A culture based on outrage doesn’t only silence people and get them fired. It also disenfranchises the majority of the population . Most Americans are moderates, a good percentage slightly swinging to the right. Most Americans don’t hold fringe views. They don’t want to silence people for disagreeing with gay marriage. They don’t want to de platform people for disavowing feminism. They’re not the types of people whom go out to protest the ‘patriarchy’ and fascism. Americans don’t align with these ideologies.

Yet those types of ideologies are exactly the ones that have creeped into virtually every segment of our society. Sillicon Valley is notoriously progressive, the media is incredibly biased, the corporate world is practically dominated by HR. Companies are always on their toes, pandering to the vocal minorities and hoping that they don’t get involved with any ‘bad publicity’.

What’s another result from all this? Radical ideas being pushed from all fronts such as the encouragement of drag queens or the support for open borders. If you criticize these things, you better be damn sure about what you’re doing because everyone from the angry SJW mob to your boss will quickly be on your case.


Leaving mainstream politics aside for a second, let’s consider what happens when an average person, just like you and I, blows up on Twitter. This Ted Talk discusses how Justice Sacco’s life got turned upside down from a Tweet went wrong. What was supposed to be a joke mocking Western privilege turned into an outrage fiesta for Twitter. From online trolls to big brands, everyone jumped aboard of the shaming train.

Going back to the Covington Story again, people’s responses really highlight what social outrage can turn people into. People whom (I assume) are otherwise decent and moral people will act like vicious sociopaths if given the right opportunity:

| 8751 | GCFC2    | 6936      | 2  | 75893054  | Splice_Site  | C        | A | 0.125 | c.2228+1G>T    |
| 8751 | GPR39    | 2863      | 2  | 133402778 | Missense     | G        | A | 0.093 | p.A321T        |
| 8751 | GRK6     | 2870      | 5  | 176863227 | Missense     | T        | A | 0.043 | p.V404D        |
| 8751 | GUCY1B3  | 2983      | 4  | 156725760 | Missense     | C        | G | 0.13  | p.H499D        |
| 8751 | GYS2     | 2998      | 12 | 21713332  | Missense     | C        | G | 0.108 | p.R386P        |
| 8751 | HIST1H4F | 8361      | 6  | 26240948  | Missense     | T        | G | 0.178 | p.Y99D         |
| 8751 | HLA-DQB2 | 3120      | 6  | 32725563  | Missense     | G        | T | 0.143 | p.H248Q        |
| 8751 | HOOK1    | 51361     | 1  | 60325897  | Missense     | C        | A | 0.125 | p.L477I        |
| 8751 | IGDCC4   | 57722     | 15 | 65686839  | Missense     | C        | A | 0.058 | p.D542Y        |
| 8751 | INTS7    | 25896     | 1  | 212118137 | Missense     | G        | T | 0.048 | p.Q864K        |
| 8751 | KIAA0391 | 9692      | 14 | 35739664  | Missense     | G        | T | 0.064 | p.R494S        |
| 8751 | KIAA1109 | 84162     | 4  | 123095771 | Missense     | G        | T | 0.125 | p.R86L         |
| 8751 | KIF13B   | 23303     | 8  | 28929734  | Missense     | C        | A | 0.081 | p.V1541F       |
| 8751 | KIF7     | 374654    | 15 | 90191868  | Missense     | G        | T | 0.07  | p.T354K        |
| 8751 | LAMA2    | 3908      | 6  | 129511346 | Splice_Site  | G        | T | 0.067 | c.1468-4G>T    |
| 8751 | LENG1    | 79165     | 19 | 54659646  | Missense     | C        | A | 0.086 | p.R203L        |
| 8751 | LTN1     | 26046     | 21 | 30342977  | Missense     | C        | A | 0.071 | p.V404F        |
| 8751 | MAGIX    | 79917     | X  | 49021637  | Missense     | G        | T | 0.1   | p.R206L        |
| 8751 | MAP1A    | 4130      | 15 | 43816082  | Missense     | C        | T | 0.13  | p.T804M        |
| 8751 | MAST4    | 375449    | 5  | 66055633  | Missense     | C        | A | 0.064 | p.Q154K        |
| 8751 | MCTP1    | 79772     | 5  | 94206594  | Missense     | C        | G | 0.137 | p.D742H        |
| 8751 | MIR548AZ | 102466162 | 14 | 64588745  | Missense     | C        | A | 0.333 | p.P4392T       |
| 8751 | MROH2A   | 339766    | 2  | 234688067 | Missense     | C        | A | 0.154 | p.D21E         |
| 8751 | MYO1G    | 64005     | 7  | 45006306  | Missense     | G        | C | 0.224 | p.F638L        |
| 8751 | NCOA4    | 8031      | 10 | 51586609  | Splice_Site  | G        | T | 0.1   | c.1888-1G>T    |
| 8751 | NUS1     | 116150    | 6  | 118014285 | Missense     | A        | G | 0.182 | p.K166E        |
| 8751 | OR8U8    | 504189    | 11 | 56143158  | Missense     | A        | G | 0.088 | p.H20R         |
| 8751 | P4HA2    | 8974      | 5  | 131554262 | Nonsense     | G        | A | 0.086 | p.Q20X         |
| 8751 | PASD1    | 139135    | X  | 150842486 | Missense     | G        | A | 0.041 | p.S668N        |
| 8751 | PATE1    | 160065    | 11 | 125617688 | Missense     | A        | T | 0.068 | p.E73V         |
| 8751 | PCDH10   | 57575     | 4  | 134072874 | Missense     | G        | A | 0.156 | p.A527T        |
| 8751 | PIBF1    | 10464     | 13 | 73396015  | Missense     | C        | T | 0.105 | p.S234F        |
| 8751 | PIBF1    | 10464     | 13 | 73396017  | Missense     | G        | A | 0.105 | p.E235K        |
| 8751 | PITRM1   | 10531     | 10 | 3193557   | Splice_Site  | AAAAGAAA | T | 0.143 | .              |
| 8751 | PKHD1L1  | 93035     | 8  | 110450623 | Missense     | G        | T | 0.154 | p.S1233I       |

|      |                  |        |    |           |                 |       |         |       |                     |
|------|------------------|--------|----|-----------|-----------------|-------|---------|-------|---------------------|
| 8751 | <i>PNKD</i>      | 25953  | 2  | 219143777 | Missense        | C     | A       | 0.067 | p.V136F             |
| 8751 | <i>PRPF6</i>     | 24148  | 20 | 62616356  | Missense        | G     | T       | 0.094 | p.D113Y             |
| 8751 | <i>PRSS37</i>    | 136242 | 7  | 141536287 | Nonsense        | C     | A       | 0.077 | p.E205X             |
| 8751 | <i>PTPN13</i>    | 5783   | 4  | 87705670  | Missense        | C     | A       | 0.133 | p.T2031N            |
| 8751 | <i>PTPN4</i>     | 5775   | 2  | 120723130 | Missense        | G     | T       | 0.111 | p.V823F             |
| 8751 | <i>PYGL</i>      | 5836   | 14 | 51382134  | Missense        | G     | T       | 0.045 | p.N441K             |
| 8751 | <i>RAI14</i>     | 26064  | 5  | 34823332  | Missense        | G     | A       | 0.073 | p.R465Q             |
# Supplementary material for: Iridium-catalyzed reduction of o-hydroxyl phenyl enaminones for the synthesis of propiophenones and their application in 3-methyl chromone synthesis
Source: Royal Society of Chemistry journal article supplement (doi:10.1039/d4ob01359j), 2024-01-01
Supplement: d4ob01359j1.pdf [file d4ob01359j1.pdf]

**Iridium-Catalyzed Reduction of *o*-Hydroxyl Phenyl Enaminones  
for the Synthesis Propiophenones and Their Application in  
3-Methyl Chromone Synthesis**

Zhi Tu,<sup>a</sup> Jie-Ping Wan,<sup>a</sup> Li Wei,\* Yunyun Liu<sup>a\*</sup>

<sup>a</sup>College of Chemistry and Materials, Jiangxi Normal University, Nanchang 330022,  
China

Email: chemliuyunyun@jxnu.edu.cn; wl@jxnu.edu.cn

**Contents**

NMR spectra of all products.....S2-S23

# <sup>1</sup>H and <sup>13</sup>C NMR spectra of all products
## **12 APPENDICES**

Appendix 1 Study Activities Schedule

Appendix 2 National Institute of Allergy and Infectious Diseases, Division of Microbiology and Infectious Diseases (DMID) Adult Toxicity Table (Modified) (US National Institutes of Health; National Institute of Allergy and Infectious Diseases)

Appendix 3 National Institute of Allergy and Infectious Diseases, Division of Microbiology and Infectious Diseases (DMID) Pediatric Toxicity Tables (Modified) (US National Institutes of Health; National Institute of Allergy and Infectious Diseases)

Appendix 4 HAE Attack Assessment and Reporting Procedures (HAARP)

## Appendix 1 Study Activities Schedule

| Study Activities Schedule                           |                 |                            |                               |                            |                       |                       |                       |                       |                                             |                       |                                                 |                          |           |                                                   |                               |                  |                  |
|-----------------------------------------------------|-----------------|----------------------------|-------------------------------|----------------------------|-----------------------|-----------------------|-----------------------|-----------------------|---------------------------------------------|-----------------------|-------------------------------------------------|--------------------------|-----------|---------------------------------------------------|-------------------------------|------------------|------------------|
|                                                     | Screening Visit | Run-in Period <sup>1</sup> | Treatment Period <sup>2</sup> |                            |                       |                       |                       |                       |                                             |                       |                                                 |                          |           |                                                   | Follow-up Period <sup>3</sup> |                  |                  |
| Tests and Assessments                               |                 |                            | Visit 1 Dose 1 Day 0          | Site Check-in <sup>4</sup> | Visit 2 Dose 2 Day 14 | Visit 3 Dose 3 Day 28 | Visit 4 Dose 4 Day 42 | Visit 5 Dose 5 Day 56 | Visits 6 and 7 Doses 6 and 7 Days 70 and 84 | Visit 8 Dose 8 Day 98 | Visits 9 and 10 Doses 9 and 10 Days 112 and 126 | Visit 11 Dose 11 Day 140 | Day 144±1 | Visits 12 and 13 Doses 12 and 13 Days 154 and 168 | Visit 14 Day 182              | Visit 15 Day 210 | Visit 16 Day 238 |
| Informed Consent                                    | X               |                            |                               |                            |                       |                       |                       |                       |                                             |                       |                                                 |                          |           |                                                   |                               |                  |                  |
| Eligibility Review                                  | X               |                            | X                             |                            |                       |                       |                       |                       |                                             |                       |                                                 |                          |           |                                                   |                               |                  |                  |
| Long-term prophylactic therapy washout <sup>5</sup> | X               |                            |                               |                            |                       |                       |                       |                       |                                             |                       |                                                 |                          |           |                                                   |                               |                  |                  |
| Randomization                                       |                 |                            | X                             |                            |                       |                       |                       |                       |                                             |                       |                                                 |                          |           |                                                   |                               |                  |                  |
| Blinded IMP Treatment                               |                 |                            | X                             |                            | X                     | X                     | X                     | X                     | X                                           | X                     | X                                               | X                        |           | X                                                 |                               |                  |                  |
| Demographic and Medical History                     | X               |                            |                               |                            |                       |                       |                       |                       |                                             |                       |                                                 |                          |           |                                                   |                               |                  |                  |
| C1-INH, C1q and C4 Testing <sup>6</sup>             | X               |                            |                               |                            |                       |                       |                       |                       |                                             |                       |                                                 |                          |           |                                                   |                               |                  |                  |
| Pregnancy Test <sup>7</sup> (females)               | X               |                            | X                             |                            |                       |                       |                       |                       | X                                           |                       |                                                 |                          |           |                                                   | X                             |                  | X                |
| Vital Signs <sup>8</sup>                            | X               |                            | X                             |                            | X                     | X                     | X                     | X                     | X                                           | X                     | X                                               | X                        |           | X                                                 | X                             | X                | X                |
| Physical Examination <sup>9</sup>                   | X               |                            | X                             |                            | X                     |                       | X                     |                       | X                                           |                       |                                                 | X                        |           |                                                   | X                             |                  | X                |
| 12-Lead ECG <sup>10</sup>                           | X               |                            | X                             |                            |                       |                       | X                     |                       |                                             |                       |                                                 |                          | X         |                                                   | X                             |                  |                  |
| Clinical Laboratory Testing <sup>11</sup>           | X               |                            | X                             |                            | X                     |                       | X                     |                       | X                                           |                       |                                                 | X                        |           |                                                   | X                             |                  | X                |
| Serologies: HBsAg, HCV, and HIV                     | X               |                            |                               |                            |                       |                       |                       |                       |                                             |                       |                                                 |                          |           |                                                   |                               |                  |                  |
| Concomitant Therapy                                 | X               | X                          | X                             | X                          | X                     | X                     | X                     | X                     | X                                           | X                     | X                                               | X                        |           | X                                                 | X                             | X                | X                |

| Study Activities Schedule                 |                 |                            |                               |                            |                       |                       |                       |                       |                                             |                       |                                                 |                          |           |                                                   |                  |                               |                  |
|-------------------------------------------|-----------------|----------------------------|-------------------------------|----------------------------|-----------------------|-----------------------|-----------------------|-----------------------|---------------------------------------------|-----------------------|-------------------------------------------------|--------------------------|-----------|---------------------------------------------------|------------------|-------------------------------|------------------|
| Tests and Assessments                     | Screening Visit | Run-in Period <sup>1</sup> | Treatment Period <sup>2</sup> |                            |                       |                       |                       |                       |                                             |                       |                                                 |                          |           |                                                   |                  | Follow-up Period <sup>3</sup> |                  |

Jon Ronson opened my eyes on the influence power can have over people, even if it’s only on Twitter. He perfectly describes the tendency of self-righteous people to persecute common enemies and “end up behaving like a baying mob”. We use social justice and ‘giving a voice to the oppressed’ as an excuse to exert our mob influence, much to our delight. A quote of his really nails this idea:

“There are two types of people. People who favor humans over ideologies, and people who favor ideologies over humans.”

Two things I’ve noticed about people who engage in these shaming ‘sports’ is 1. All of us are complicit in one way or another and 2. It seems to affect people like a drug. As Nancy Rommelmann puts in her article, in which she describes how she received so much outrage that it forced her business into collapse:

Show us the next person to hate and we are so there; we take an animalistic pleasure in destroying the kid in the MAGA hat, in fashioning a decades-old interview with John Wayne into a knife with which to posthumously eviscerate the actor. And then we look for the next target.

It’s not surprising, then, that people call it ‘outrage porn’. That’s what it is. It keeps us looking for the next ‘hit’. Show us the next racist. Show us the next homophobe. The next bigot. Show us the next misogynist so we can put him in his place. Of course, a lot of the time the accusations made against people are false or taken out of context, but who cares?


This is a problem that we, as a society need to start discussing. In present day, we’re putting more value emotional reactivity rather than logic and reason. We’re chasing villains instead of talking about real issues. If you agree with me, then take action to stop being part of the problem.

If you want to make a change, start with yourself. Before you can make a change in the world, you must first ‘clean up your room’. Stop chasing villains and start focusing on real issues. Let your voice be heard and make sure that everyone knows that you won’t partake in the outrage culture. You are better than that, we all are.

Julian